Musique concrète ("concrete music" or "real music") is a form of electroacoustic music that utilizes acousmatic sound — sound one hears without seeing or knowing an originating cause — as a compositional resource. French composer Pierre Schaeffer is singularly responsible for launching the Musique concrète movement in the late 1940s and with it, the course of much of the experimental music of the 20th Century. From Wikipedia: "The importance of Schaeffer's musique concrète is threefold. He developed the concept of including any and all sounds into the vocabulary of music. At first he concentrated on working with sounds other than those produced by traditional musical instruments. Later on, he found it was possible to remove the familiarity of musical instrument sounds and abstract them further by techniques such as removing the attack of the recorded sound. He was among the first musicians to manipulate recorded sound for the purpose of using it in conjunction with other sounds in order to compose a musical piece. Techniques such as tape looping and tape splicing were used in his research, often comparing to sound collage. The advent of Schaeffer's manipulation of recorded sound became possible only with technologies that were developed after World War II had ended in Europe. His work is recognized today as an essential precursor to contemporary sampling practices. Schaeffer was among the first to use recording technology in a creative and specifically musical way, harnessing the power of electronic and experimental instruments in a manner similar to Luigi Russolo, whom he admired and from whose work he drew inspiration." Etude Noire/Black Study (1948) is an early piece of musique concrete by Schaffer . . . and this week's FROM THE PYTHEAS ARCHIVES.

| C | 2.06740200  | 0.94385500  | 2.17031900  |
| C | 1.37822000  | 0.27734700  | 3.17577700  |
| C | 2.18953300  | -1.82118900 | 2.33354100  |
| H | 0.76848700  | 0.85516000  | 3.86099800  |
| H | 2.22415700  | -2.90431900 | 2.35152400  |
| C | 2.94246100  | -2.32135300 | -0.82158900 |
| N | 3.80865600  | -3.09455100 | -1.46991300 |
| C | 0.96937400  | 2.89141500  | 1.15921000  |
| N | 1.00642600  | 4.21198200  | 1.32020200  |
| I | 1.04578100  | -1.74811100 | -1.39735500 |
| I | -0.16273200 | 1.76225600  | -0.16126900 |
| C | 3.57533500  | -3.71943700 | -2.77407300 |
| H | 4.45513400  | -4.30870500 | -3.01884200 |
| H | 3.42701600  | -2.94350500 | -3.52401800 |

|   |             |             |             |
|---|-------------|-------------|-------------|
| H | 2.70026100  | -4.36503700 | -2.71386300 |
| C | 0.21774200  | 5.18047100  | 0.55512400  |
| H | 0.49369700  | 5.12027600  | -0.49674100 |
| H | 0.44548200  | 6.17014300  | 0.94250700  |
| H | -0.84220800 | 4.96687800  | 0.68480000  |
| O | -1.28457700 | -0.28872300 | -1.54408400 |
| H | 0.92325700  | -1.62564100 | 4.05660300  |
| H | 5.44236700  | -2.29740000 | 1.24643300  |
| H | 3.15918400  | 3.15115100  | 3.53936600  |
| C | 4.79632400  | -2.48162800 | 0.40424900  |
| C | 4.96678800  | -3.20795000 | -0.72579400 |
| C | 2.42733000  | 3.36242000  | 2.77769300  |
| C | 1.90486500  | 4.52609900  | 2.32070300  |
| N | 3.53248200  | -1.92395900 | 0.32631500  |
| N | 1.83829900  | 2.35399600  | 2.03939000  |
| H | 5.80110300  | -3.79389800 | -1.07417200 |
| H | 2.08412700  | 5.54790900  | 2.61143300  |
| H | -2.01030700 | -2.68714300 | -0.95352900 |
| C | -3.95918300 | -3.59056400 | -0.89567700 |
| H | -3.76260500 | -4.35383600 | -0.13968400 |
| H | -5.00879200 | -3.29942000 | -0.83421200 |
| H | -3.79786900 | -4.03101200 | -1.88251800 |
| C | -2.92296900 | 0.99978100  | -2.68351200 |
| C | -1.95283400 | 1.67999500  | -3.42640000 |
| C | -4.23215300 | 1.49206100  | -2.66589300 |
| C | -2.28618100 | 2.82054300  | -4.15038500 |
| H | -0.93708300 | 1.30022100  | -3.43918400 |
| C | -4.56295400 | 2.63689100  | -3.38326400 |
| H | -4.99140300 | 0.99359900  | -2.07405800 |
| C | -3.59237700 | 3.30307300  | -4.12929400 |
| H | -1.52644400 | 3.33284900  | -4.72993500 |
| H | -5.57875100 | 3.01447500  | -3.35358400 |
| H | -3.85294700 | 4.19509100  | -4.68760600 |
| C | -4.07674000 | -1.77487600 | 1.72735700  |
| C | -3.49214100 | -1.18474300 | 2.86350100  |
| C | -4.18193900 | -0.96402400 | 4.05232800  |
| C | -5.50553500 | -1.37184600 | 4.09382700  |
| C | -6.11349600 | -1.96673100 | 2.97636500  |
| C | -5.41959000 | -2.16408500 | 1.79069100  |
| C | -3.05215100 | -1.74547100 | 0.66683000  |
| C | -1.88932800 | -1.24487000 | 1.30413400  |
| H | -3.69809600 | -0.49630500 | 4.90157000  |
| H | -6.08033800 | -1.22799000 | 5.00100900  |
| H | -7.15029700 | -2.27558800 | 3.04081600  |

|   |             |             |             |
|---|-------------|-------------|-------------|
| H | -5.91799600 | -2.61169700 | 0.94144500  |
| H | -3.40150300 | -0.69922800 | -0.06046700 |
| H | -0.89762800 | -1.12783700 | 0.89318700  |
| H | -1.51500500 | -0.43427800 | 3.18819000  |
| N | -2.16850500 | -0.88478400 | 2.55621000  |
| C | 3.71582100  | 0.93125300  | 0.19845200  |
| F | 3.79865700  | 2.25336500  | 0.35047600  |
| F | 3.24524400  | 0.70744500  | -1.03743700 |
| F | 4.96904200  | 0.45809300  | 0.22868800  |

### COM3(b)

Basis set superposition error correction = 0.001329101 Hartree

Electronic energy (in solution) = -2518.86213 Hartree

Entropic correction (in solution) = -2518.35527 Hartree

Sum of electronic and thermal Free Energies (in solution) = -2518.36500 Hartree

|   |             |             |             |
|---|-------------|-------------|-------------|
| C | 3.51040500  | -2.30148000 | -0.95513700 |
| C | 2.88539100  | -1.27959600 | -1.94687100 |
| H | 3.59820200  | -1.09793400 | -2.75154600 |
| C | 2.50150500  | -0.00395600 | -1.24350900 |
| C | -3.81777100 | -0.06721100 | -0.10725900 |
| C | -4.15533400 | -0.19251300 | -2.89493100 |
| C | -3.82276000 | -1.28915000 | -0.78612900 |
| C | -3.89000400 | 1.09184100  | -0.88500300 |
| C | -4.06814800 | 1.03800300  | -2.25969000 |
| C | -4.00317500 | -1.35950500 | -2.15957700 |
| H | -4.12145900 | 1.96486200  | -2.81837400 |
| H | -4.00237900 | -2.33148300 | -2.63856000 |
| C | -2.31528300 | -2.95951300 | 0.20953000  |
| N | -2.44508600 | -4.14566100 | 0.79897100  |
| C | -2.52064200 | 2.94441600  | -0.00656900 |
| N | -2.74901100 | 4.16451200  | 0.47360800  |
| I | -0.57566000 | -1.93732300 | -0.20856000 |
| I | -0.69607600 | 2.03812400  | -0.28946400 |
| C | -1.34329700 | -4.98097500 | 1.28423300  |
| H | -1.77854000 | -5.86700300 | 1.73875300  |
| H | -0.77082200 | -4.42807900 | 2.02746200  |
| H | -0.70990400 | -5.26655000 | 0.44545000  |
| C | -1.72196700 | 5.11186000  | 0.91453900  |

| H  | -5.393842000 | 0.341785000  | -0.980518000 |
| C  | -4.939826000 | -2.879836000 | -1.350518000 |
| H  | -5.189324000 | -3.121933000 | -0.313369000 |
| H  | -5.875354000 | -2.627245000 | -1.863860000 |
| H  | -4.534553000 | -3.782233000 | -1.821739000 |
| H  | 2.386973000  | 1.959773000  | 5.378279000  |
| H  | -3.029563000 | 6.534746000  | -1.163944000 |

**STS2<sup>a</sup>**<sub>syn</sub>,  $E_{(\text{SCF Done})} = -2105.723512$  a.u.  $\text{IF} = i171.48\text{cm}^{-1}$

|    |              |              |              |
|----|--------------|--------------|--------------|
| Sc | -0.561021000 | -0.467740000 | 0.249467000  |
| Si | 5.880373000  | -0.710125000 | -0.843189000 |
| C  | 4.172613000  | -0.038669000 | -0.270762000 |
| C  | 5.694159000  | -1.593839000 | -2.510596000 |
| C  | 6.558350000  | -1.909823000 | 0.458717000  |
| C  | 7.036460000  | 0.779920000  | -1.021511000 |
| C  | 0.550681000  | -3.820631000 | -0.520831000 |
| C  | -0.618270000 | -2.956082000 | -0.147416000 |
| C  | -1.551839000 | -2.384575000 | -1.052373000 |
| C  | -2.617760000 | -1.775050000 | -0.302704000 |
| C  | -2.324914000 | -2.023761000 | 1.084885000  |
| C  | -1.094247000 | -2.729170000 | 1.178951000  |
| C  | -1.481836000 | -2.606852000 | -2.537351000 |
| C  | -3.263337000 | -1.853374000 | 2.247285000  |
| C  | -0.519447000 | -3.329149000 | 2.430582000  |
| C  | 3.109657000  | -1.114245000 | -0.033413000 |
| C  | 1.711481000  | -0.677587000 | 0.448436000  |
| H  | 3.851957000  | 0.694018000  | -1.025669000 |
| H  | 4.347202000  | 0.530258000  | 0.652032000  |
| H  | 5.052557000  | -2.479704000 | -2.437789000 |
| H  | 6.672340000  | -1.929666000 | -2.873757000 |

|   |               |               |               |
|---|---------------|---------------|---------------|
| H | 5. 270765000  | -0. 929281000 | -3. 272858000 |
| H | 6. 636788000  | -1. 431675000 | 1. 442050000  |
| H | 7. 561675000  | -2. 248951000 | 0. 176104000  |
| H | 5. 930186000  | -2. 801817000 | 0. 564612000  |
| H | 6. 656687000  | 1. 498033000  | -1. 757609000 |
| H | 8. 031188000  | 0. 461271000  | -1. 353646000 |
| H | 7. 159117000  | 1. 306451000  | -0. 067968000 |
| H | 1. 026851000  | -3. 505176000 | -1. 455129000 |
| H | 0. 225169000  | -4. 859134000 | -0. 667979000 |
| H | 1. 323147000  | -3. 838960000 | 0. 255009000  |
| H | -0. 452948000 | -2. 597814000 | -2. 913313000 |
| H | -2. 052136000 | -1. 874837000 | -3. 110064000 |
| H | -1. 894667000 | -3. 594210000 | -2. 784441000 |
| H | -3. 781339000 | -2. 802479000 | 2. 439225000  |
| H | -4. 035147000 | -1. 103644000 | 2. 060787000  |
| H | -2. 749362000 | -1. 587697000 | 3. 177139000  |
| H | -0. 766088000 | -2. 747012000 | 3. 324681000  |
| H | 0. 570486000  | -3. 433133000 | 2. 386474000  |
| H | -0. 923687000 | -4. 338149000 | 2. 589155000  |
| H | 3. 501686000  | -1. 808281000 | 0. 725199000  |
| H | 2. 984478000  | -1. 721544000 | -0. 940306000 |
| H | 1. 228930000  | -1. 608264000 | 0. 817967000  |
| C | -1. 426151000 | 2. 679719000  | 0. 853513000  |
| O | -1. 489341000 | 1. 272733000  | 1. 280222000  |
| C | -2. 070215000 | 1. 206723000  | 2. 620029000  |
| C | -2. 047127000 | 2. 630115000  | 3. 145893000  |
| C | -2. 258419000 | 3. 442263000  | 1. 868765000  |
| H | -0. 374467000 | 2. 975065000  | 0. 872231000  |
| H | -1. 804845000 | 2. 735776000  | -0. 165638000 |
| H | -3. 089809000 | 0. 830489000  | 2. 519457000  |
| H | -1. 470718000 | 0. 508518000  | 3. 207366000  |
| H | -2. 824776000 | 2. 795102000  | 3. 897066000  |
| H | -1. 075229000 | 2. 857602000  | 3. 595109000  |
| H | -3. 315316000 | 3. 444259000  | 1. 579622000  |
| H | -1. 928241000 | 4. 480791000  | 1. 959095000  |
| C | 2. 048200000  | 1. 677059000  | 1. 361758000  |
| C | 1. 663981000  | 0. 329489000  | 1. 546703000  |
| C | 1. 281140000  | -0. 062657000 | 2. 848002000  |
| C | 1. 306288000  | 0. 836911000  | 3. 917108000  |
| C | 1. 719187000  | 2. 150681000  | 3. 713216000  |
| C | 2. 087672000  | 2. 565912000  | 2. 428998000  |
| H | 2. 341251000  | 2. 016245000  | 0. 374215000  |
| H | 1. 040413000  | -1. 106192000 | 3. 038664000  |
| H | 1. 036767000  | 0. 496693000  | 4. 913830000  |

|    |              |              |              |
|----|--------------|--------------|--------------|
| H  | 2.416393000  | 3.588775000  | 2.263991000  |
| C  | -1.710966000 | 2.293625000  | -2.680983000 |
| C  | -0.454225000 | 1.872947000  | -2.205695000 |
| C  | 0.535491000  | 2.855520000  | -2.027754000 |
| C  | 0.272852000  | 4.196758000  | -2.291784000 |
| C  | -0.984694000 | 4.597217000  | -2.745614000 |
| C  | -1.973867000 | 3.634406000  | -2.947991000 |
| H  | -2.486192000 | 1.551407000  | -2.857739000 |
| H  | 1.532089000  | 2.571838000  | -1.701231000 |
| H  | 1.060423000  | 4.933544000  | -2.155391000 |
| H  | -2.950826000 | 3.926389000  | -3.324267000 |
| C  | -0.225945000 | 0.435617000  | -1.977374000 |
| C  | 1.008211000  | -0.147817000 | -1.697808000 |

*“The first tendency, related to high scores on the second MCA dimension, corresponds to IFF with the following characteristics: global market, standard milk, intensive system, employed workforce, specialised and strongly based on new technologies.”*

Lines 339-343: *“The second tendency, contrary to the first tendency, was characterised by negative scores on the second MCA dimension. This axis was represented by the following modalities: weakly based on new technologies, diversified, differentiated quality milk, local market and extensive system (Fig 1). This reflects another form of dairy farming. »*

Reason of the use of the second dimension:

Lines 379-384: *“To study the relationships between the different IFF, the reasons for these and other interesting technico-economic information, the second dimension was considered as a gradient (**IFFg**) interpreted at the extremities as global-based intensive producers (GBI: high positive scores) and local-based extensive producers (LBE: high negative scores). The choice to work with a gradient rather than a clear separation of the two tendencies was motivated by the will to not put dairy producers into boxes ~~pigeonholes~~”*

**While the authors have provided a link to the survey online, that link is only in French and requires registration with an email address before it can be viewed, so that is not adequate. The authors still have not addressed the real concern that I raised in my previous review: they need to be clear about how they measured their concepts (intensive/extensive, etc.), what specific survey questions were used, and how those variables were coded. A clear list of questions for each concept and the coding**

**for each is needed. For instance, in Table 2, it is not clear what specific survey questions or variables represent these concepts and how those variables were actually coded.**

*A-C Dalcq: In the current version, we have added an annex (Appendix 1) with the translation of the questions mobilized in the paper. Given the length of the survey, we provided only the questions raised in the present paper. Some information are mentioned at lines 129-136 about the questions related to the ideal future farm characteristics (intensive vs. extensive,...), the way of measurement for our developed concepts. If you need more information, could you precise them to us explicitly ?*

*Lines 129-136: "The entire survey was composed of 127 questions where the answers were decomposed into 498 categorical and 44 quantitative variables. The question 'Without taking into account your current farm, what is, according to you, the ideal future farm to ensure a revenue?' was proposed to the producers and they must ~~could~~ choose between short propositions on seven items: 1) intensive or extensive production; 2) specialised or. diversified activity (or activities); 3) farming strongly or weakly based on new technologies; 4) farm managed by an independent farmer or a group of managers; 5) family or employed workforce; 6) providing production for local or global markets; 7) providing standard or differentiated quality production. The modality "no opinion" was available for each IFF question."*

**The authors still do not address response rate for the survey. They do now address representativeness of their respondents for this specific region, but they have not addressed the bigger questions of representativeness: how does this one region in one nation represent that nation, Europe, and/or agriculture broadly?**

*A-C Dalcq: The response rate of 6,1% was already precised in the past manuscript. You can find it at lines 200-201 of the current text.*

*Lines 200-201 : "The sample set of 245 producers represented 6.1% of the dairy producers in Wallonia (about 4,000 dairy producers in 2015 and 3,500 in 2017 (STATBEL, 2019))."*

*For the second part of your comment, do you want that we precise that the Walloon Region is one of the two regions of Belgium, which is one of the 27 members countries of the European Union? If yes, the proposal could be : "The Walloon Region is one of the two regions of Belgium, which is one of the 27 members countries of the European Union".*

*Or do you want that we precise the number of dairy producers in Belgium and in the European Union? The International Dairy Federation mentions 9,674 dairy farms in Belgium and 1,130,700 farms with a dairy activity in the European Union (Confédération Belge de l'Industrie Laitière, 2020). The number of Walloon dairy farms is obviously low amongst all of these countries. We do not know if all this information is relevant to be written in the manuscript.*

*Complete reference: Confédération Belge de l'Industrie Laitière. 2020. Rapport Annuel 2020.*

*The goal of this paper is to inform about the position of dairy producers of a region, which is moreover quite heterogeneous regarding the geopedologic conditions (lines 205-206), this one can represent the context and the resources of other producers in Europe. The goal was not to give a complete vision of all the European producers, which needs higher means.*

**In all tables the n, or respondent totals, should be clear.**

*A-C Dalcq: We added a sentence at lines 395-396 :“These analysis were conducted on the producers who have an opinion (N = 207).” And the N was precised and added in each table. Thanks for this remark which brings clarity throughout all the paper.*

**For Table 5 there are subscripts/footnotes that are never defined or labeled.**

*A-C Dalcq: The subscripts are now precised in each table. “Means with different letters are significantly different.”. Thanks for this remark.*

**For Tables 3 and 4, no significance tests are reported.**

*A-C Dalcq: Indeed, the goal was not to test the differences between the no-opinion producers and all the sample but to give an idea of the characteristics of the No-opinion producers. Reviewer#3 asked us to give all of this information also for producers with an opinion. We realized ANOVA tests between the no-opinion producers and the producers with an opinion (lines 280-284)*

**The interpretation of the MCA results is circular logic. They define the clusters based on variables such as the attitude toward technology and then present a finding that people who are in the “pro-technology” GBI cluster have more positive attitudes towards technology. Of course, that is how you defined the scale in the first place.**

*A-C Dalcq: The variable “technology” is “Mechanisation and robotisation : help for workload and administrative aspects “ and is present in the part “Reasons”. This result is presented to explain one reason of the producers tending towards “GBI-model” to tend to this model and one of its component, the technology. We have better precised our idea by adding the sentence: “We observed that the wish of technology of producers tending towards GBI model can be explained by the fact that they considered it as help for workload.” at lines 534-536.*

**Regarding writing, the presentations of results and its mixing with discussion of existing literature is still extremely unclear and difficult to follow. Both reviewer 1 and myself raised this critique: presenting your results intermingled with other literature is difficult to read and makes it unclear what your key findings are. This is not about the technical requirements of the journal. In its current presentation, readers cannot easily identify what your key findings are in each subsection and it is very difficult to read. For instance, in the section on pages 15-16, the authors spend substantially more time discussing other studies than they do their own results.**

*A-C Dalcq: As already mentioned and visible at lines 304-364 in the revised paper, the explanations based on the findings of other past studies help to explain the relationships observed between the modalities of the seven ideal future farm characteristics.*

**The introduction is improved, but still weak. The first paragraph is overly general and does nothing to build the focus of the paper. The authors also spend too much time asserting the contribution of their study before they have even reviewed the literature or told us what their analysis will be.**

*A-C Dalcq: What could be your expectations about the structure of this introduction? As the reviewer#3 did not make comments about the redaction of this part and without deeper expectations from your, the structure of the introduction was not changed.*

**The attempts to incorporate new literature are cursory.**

Explore, Listen and Enjoy!
Vinny Fuerst
Pytheas Center for Contemporary Music

Tuesday, September 14, 2010

Laurie Spiegel Appalachian Grove (1974) . . . one of this week's FEATURED NEW MUSIC VIDEOS.

Tan Dun Elegy: Snow In June (1991) . . . it's our current DANSES PYTHEUSES here at Pytheas.

One World Symphony (Brooklyn, NY, USA) . . . our FEATURED ENSEMBLE for the week.

Michael Colgrass Déjà Vu (1977) . . . this week's FROM THE PYTHEAS ARCHIVES.

Tuesday, September 7, 2010

Dominick Argento Letters from Composers - Schumann (1968) . . . one of this week's FEATURED NEW MUSIC VIDEOS.

Sofia Gubaidulina The Deceitful Face of Hope and of Despair; Sieben Worte (Seven Words) (BIS 1449) . . . it's our FEATURED RECORDING here at Pytheas.

Bright Sheng Uncommon Sense - An Interview with Junia Doan . . . our current COMPOSER PORTRAIT.

Oyvind Torvund Krull Quest (2004) . . . this week's FROM THE PYTHEAS ARCHIVES.

Friday, September 3, 2010

John Cage In a Landscape (1948) . . . one of this week's FEATURED NEW MUSIC VIDEOS.

Francis Poulenc Les Chemins de l’Amour (1940) . . . it's one of our FEATURED EARFULS here at Pytheas.

Taras Bulba (1962) - Music by Franz Waxman - Film by J. Lee Thompson . . . our current PYTHEAS SIGHTING.

Philip Glass Concerto Fantasy for Two Timpanists & Orchestra, mvt 3 (2000) . . . this week's FROM THE PYTHEAS ARCHIVES.